By the age of 15 photography had become an obsession, to the point where Blomfield was subscribing to the venerable Amateur Photographer magazine and using his father’s camera – an ex-Luftwaffe Zeiss Contax II, complete with Swastika – to document life at Repton, the Derbyshire boarding school he and his brothers attended. He shot hundreds of images there, but it wasn’t until he moved to Edinburgh that his pictures acquired what Johnny Blomfield refers to as their “punch”. He inter-changed the Zeiss Contax II with a Leica, whose size and discreet shutter noise was better suited to street photography, and later acquired a Nikon S.

Two constants, however, were Blomfield’s cheekiness (a much-needed quality if you’re routinely sticking your camera in strangers’ faces) and his gleeful disregard for authority.

“If he saw a sign saying Keep Out he’d go: ‘That must be interesting, let’s go and have a look in there’,” says Johnny Blomfield. “There’s a lovely picture he took of the Dounreay power station and it’s a big notice saying No Photography Allowed. He took pleasure in cocking a snook at notices like that. He was just cheeky, basically, and that was the way he went about life generally. He didn’t think things through before doing them and got into scrapes.”

Johnny Blomfield saw that cheek and anti-authoritarianism at first hand on several occasions, such as when he joined his brother on an excursion to South Queensferry to photograph the Forth Road Bridge while it was under construction in 1962.

“We went over it in the dark. We just climbed over the corrugated iron fence. The Keep Out sign was there – it was like a red rag to a bull – and went over and up the walkway right to the middle of the span of the Forth and then back again, at around midnight. It was pure cheek.”

The latest photographs in the exhibition are from 1966, the year Blomfield left Edinburgh. After graduating in medicine he worked initially in accident and emergency departments in hospitals around the UK but eventually went into general practice in Wrexham. After 1966, his photography changed too. He began using more and more colour and in 1968 stopped shooting on black and white entirely. Then, in 1970, he switched to colour slides and stopped developing and printing his own work.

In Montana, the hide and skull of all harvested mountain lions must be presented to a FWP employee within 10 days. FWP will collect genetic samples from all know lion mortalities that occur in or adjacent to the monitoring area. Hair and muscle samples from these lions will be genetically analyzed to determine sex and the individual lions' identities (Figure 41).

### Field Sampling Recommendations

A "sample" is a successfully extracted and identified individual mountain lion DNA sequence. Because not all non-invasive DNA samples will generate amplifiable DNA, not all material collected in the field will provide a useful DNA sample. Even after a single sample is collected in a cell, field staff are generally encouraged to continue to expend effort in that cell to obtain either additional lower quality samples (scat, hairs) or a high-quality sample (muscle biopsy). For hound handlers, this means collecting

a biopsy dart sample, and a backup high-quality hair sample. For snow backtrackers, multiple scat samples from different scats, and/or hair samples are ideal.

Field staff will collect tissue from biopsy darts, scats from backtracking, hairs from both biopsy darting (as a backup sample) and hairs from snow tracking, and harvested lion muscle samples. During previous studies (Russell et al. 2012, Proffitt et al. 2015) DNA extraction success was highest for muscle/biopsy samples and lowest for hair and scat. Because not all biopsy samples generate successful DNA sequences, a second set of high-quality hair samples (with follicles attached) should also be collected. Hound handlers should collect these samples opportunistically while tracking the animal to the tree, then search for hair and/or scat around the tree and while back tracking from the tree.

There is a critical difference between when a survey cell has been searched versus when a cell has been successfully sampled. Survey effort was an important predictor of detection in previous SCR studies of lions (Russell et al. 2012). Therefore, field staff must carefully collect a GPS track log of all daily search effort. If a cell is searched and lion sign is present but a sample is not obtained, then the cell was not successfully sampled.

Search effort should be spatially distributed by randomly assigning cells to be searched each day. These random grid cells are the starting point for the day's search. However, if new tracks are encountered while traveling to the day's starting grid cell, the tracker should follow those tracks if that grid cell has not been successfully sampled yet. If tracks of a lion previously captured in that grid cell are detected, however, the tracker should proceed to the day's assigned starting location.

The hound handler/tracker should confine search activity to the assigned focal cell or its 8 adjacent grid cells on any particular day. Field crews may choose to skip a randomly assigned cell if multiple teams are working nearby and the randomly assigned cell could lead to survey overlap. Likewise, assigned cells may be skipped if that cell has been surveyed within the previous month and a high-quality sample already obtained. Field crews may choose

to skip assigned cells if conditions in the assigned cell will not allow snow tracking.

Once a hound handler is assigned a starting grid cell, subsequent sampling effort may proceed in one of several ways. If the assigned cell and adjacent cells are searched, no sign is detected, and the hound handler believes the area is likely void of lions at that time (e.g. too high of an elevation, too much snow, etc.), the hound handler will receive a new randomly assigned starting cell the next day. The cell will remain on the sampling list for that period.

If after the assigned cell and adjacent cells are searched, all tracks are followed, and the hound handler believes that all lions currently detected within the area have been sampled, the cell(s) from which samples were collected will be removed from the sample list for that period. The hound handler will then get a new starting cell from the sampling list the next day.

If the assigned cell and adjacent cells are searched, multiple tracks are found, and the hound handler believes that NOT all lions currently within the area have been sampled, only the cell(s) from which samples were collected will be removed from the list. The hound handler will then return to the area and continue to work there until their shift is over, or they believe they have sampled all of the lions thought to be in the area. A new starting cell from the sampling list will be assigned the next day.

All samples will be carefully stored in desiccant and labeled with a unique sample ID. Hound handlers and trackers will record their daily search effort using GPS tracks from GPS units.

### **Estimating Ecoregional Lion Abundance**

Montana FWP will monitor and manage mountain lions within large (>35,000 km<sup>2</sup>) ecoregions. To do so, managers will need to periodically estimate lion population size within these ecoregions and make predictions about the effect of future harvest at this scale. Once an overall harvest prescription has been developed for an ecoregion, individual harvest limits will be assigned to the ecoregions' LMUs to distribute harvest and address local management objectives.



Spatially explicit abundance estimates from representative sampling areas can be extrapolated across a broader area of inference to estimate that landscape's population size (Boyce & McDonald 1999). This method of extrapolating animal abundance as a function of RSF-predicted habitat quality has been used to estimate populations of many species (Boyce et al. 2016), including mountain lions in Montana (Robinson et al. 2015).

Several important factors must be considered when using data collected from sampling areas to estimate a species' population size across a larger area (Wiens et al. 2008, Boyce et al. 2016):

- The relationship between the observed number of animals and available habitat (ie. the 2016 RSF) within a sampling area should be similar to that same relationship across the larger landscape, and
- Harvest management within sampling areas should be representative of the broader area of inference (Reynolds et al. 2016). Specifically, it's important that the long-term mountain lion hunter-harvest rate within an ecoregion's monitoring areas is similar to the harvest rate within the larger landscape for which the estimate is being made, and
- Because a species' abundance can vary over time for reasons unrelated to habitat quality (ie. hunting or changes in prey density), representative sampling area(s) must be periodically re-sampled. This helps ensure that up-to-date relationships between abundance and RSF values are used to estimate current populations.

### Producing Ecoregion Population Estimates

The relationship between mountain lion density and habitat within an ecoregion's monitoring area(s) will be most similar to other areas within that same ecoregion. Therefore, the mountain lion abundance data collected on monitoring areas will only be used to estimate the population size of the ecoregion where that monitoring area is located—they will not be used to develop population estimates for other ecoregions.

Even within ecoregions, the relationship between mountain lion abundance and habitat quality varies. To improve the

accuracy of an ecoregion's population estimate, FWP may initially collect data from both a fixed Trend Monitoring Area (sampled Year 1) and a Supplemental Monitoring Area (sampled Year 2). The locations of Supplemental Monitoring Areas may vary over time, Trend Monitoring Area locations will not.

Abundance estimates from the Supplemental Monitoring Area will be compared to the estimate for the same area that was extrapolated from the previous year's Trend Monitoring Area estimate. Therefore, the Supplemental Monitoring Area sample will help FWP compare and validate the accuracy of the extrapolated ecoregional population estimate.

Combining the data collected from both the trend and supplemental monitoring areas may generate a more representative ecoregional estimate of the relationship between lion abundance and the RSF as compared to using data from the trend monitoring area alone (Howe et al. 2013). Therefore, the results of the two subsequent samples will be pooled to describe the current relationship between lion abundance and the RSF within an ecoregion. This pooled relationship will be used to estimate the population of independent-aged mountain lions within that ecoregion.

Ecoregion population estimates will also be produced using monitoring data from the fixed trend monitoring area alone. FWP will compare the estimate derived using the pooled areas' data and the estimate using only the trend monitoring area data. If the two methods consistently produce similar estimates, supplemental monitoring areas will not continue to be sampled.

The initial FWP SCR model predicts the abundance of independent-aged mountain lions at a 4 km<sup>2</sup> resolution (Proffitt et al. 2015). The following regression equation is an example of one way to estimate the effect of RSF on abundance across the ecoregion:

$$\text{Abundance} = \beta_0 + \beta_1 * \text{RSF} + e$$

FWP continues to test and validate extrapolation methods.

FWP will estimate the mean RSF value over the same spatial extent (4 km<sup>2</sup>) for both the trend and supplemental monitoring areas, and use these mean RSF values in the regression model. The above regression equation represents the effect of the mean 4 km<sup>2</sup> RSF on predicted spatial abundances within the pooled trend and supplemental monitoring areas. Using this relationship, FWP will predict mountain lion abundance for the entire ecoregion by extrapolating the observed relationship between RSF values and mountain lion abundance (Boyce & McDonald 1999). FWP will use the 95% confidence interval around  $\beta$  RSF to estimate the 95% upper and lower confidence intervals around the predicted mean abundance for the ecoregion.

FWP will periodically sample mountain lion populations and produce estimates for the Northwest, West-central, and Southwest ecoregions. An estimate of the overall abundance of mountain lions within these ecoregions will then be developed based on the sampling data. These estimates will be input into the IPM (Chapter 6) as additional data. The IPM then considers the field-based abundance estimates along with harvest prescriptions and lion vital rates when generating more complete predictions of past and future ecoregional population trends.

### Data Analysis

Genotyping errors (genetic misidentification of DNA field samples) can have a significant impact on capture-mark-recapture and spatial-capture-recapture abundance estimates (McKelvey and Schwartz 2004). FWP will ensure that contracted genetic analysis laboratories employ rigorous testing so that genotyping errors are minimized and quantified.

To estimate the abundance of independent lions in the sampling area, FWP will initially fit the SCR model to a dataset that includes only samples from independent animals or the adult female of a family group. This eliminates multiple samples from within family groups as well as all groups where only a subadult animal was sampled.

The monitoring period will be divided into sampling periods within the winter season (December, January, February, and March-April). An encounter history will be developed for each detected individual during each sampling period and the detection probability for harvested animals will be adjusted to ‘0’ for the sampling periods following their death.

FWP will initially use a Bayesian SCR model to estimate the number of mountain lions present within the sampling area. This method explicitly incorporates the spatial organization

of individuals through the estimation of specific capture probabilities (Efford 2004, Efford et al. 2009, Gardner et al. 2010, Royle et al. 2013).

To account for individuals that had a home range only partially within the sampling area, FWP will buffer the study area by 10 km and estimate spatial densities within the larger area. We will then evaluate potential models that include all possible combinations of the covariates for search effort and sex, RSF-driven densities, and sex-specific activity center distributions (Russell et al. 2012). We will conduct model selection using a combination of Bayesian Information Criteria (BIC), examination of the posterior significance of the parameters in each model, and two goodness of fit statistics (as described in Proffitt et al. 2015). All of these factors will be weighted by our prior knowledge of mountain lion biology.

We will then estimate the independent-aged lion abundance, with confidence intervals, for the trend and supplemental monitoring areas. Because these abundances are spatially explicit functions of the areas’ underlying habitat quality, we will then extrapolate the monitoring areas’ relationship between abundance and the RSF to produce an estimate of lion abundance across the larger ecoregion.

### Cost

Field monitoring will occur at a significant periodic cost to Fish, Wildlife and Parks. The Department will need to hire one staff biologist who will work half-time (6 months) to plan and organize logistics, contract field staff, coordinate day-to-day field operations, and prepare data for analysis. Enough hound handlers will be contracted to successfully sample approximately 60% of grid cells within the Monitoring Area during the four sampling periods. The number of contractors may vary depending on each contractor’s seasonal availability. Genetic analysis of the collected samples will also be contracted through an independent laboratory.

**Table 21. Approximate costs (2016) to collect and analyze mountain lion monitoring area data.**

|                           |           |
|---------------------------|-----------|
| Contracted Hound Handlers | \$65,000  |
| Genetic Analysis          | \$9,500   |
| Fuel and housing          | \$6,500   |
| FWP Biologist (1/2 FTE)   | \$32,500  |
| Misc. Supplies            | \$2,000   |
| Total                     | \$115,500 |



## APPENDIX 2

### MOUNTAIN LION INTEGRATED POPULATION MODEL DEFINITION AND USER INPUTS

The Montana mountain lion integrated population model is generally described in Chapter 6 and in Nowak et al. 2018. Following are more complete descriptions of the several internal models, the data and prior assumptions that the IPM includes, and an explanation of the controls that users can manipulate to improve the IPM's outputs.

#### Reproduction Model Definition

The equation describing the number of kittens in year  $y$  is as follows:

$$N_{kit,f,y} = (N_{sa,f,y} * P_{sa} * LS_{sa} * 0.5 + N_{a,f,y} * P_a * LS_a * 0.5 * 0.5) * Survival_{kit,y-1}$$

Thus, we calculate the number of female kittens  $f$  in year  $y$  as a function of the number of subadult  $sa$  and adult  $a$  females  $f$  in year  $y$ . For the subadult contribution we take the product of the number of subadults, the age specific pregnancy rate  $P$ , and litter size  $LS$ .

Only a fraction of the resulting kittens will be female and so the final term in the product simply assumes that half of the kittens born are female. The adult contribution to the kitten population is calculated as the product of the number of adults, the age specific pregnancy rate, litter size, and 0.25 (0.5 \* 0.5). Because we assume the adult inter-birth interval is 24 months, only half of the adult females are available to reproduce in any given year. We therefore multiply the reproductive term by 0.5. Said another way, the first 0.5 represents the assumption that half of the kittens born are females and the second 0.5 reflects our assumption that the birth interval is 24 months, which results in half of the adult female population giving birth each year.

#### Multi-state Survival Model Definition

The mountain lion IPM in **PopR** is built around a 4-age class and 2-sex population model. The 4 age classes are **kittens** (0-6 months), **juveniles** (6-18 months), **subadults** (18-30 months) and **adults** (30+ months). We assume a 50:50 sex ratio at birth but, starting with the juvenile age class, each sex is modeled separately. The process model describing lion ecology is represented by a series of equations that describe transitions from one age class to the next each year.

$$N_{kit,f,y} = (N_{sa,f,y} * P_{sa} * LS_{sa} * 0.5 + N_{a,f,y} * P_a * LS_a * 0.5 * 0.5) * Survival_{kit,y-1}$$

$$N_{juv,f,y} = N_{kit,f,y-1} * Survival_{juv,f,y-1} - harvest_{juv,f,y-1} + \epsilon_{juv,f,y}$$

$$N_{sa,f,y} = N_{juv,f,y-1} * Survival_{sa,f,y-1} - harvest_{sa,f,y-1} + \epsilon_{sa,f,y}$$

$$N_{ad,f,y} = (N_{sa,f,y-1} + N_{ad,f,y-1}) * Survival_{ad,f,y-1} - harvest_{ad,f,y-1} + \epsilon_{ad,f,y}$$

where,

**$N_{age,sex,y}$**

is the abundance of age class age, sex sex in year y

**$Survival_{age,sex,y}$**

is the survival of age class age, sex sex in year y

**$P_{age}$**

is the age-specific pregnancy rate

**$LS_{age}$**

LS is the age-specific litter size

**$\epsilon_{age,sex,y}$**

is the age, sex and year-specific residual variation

The flow of images continued, however. About half of everything he shot he printed and Johnny Blomfield is in the process of digitising those images. He doesn’t know how many there are but thousands is his best guess, along with “a mountain” of slides. So far, he has digitised the Edinburgh images as well as a few from London and Sheffield. The project is ongoing.

Given Robert Blomfield’s passion for the medium and his instinctual skill as a street photographer in the mould of his heroes Henri Cartier-Bresson and Robert Doisneau, it seems odd that he never took it up professionally. Did he ever consider it?

“He nearly did switch from the day job to photography,” says Johnny Blomfield, “but it didn’t work out.”

The chance came when a family friend of a family friend – a certain poet by the name of John Betjeman – was looking for a photographer to illustrate a book he was writing about Victorian markets.

“Robert was suggested as a possible photographer. He very excitedly went around photographing markets in Sheffield and Leeds and produced some wonderful shots of people, though not much architecture. It wasn’t what Betjeman wanted at all. So, he just carried on the with the medicine and taking the pictures he wanted to take.”

John Betjeman’s loss was medicine’s gain. But, as the new exhibition demonstrates, British street photography too was poorer as a result.

Robert Blomfield: Edinburgh Street Photography – An Unseen Archive opens at the City Art Centre, Edinburgh on Saturday (until March 17, 2019).